I've just defined a UI guideline on paging for the UK Government site
I'm working on.

Basically, for a list of non-indexed results, we show links for 10 pages
at a time, and previous/next where applicable.

The *crux* question was, when you get over page 10, do you show the
current page in the middle, or at the end of the list of 10?

Our answer was to show e.g. page 14 at the *end* of the list, i.e. show
<Previous 5, 6, 7, 8, 9, 10, 11, 12, 13, 14 Next>.

The reasoning is, when there's no order to the results, other than
relevance, we couldn't think of why anyone would want to jump to page 18
from page 14! Page 20 is probably less likely to contain your desired
result than page 19, so there's no reason to link to 20 and skipping 19.

However, they've probably scanned through the results 1-13, and may have
noted some likely-looking links to content. If you've remembered that
the thing you're looking for may have been on page 5, showing pages 9
through 18 doesn't help you at all.

Regards,

Ben Hunt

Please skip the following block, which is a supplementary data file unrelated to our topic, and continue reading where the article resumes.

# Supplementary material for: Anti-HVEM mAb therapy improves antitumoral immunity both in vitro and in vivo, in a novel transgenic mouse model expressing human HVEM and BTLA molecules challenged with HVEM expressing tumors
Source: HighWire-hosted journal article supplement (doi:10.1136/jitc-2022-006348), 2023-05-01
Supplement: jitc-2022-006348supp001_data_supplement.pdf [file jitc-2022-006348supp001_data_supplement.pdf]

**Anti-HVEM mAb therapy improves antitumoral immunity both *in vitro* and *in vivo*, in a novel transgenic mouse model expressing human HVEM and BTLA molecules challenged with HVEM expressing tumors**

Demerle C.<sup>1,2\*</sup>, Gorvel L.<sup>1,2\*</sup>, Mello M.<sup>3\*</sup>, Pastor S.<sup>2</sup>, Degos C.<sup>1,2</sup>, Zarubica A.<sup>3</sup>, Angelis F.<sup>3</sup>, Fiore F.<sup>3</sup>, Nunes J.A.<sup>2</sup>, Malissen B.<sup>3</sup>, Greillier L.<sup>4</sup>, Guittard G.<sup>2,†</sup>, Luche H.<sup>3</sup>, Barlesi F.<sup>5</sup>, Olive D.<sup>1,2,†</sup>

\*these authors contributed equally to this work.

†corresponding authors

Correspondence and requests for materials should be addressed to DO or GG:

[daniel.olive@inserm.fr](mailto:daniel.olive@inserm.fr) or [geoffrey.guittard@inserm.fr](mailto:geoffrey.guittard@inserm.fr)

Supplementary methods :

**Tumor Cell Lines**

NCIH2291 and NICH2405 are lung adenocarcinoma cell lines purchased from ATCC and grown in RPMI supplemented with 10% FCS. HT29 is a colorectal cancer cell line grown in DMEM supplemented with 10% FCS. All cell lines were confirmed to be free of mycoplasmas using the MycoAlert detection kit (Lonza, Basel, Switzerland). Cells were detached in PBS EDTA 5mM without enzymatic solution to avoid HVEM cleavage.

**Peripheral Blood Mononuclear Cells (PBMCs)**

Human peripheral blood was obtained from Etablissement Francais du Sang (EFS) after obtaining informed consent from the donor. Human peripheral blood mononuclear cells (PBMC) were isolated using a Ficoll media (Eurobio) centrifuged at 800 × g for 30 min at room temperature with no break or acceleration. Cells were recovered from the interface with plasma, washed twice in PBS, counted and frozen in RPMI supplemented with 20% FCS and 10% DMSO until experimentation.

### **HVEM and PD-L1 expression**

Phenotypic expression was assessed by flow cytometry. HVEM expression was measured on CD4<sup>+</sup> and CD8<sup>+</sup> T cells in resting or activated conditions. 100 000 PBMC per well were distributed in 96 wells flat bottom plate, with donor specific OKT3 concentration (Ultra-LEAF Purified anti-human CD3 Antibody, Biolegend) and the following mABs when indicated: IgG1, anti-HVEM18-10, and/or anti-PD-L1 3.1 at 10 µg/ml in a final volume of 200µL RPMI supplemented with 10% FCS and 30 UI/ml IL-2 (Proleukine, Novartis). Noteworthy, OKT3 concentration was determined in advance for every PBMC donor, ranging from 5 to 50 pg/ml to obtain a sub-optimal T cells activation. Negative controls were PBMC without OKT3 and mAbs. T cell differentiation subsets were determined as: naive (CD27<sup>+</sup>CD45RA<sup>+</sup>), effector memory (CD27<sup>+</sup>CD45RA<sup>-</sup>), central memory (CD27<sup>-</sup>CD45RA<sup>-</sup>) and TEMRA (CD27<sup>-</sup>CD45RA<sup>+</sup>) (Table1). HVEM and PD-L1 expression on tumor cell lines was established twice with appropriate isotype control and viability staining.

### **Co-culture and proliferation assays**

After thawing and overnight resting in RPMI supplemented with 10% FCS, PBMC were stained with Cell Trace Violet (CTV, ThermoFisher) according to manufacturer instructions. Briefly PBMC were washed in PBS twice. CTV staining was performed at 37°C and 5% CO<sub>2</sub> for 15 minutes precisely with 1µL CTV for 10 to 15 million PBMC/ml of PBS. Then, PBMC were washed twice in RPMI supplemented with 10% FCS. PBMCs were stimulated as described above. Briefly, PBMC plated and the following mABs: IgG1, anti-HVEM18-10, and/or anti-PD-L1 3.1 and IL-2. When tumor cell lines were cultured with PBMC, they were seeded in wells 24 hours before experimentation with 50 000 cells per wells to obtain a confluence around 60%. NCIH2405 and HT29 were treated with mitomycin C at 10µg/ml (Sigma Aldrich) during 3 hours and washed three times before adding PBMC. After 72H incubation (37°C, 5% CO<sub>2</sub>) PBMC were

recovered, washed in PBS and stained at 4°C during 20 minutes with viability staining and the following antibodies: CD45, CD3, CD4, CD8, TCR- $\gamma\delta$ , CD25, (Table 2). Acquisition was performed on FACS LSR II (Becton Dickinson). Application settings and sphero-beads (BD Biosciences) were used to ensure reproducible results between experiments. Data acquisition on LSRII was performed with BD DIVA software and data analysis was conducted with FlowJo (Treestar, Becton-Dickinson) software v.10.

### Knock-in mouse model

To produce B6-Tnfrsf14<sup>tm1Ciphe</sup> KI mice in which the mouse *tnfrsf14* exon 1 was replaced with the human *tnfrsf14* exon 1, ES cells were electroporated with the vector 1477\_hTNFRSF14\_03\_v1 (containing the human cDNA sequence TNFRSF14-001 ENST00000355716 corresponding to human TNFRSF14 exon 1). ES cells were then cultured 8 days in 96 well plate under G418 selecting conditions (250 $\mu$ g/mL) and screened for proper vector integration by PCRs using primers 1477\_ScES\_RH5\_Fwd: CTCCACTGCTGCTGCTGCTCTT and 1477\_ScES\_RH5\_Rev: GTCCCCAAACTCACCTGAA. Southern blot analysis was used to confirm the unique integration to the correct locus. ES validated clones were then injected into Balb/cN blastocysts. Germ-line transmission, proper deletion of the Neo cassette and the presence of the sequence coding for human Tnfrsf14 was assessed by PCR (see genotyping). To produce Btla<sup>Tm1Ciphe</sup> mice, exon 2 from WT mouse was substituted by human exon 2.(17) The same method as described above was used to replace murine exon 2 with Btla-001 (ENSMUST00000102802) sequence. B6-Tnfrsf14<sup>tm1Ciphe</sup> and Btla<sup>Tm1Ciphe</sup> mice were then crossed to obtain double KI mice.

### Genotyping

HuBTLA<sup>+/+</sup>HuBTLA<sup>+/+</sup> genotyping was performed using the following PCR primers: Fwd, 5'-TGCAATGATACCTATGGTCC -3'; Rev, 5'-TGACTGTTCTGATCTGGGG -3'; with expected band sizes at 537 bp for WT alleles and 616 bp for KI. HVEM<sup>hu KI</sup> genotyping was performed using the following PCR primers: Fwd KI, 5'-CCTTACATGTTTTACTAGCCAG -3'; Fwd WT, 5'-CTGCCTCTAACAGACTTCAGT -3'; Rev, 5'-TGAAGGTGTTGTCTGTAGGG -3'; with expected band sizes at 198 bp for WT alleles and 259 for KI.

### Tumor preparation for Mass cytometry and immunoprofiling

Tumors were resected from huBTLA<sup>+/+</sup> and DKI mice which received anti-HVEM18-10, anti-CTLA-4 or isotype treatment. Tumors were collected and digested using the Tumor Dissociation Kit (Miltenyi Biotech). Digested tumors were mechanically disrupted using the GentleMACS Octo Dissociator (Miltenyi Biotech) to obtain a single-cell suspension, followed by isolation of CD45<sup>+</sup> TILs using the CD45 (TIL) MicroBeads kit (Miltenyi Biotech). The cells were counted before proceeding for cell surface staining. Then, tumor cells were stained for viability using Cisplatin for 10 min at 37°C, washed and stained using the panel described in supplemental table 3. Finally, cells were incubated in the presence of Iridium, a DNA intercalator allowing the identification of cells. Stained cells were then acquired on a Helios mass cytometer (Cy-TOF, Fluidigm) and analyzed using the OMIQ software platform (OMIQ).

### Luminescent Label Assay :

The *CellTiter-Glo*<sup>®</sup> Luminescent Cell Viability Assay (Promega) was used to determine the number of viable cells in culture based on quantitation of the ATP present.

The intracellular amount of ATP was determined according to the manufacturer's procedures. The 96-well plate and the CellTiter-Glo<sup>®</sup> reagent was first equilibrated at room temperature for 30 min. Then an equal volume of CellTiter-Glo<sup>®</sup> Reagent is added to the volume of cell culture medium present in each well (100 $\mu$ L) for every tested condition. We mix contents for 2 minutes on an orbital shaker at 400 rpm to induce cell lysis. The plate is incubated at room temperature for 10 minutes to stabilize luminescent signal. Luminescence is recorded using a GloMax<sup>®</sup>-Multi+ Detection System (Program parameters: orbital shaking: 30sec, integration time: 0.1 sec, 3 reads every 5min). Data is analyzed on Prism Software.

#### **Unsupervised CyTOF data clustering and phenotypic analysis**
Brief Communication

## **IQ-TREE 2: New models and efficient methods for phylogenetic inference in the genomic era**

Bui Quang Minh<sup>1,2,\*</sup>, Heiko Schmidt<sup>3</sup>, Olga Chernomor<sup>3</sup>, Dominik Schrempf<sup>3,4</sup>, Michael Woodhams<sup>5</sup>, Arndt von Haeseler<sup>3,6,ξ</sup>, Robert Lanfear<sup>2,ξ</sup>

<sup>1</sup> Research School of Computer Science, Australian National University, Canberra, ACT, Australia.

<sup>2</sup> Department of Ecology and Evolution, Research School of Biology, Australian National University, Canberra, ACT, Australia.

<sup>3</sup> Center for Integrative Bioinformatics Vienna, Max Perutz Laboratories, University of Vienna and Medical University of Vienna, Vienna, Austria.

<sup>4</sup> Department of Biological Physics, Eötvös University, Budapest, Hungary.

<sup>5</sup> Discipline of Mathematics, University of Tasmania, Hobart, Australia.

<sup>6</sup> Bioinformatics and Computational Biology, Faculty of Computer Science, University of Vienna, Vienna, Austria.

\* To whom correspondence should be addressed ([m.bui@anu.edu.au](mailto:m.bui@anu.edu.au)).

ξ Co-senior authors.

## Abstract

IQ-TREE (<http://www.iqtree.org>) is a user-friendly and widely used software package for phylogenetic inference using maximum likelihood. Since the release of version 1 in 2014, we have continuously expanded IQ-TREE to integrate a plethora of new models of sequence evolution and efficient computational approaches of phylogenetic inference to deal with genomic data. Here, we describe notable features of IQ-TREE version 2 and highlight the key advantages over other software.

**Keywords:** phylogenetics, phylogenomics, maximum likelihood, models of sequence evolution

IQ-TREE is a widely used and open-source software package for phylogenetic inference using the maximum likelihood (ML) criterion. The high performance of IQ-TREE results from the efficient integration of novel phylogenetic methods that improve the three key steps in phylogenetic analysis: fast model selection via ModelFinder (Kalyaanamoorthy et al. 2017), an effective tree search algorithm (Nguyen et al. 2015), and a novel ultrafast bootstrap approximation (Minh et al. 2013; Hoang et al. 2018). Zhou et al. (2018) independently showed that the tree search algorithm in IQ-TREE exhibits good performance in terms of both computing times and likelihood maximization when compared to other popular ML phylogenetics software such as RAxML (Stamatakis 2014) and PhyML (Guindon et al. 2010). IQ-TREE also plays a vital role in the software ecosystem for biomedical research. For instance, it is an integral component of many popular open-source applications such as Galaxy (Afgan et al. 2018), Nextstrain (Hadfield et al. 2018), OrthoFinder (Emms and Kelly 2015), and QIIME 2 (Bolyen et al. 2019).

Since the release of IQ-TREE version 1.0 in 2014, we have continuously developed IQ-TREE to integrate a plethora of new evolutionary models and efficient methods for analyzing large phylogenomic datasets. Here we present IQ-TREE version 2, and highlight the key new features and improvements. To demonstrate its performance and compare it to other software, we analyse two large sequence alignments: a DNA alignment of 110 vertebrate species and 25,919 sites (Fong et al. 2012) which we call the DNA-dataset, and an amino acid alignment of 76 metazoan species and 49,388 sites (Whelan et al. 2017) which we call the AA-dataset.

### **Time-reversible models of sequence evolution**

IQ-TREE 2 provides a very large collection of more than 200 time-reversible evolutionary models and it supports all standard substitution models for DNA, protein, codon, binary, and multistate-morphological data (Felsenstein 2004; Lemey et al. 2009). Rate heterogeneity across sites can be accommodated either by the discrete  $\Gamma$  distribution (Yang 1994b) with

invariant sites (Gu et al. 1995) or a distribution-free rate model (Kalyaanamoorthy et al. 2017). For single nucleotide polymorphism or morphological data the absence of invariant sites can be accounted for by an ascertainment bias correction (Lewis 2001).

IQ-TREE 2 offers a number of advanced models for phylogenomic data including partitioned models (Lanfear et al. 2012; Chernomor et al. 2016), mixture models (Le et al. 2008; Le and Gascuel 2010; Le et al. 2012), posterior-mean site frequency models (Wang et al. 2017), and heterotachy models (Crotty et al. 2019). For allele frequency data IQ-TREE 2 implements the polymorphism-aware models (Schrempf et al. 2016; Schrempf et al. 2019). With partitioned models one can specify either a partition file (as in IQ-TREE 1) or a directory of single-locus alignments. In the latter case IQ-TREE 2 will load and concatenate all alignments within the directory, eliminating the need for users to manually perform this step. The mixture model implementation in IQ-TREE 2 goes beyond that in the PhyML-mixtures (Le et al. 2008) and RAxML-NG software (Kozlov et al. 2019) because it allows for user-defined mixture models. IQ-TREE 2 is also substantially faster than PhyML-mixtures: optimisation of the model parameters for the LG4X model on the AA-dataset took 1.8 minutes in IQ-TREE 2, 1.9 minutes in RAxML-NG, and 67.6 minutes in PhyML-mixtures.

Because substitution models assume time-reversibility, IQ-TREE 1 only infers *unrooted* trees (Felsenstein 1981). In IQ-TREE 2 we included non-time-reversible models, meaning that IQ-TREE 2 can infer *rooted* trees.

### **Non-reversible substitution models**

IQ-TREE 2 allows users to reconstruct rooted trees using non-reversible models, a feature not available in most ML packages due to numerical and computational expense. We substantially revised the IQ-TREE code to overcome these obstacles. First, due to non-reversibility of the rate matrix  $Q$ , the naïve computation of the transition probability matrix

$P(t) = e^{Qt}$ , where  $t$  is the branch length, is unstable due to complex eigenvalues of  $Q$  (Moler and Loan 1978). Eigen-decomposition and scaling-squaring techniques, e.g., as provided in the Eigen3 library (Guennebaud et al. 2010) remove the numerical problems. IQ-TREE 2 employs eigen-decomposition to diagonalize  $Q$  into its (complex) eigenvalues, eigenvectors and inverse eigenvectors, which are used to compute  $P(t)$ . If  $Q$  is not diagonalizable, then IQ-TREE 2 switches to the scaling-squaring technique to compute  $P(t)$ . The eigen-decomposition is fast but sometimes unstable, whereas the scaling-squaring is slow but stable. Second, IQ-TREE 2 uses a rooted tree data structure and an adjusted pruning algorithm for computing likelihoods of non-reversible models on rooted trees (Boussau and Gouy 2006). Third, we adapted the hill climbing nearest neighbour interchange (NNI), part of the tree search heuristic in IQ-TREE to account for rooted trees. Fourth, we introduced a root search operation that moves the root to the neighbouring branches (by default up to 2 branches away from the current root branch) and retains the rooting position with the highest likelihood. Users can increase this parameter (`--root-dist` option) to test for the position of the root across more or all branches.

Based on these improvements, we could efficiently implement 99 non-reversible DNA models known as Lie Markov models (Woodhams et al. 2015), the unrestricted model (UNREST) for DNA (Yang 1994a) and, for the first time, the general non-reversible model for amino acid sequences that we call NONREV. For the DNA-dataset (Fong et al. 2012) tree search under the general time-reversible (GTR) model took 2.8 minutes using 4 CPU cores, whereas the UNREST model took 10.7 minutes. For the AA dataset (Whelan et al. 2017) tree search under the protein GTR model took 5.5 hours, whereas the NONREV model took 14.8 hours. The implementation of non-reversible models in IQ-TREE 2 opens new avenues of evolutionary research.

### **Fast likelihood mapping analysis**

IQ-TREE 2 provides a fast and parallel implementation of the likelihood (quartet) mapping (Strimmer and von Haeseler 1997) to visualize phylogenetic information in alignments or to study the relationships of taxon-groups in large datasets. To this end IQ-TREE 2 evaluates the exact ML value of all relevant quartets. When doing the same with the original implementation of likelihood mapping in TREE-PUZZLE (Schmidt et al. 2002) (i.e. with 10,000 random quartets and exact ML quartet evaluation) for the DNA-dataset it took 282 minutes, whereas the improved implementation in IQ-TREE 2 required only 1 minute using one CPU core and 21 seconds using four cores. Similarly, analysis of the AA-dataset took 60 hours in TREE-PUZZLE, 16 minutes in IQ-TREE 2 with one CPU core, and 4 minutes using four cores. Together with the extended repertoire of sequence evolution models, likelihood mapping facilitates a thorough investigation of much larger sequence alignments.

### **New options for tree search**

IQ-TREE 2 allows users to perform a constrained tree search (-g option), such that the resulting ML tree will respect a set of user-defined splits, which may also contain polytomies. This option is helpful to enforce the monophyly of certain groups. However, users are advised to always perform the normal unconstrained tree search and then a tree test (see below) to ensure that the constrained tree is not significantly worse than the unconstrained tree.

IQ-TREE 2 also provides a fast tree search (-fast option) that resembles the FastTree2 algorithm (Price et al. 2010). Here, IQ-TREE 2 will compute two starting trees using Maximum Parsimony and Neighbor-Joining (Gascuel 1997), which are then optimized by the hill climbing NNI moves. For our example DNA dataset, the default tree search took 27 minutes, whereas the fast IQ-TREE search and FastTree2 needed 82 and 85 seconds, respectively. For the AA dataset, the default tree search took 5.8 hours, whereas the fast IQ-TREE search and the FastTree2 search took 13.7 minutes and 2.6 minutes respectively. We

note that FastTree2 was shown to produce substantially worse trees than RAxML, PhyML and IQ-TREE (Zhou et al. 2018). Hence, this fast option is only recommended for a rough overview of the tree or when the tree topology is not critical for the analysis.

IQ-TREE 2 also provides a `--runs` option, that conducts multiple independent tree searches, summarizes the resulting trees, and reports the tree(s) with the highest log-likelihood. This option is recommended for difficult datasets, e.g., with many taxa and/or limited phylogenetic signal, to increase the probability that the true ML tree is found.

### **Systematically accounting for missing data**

Scratchmedia
www.webdesignfromscratch.com

-----Original Message-----
From:
discuss-interactiondesigners.com-bounces at lists.interactiondesigners.com
[mailto:discuss-interactiondesigners.com-bounces at lists.interactiondesign
ers.com] On Behalf Of Alex Robinson
Sent: 19 September 2004 00:46
To: IxD
Subject: [ID Discuss] Paging

[Please voluntarily trim replies to include only relevant quoted
material.]

I realise that there are numerous ways to skin this particular cat,
but assume that there exists a paging legend along these lines:

Showing from 261 to 270 out of 356 items 10 items per
page
Pages: 1 .. 10 .. 20 .. 24 | 25 | 26 | 27 | 28 .. 30 .. 35 Next |
Previous

Is there any evidence that giving several pages that flank the
current page or that fall at regularly spaced intervals between the
first and large page are beneficial to the user?

Would users be disserved by only having buttons to take them to the
next, previous, first and last pages?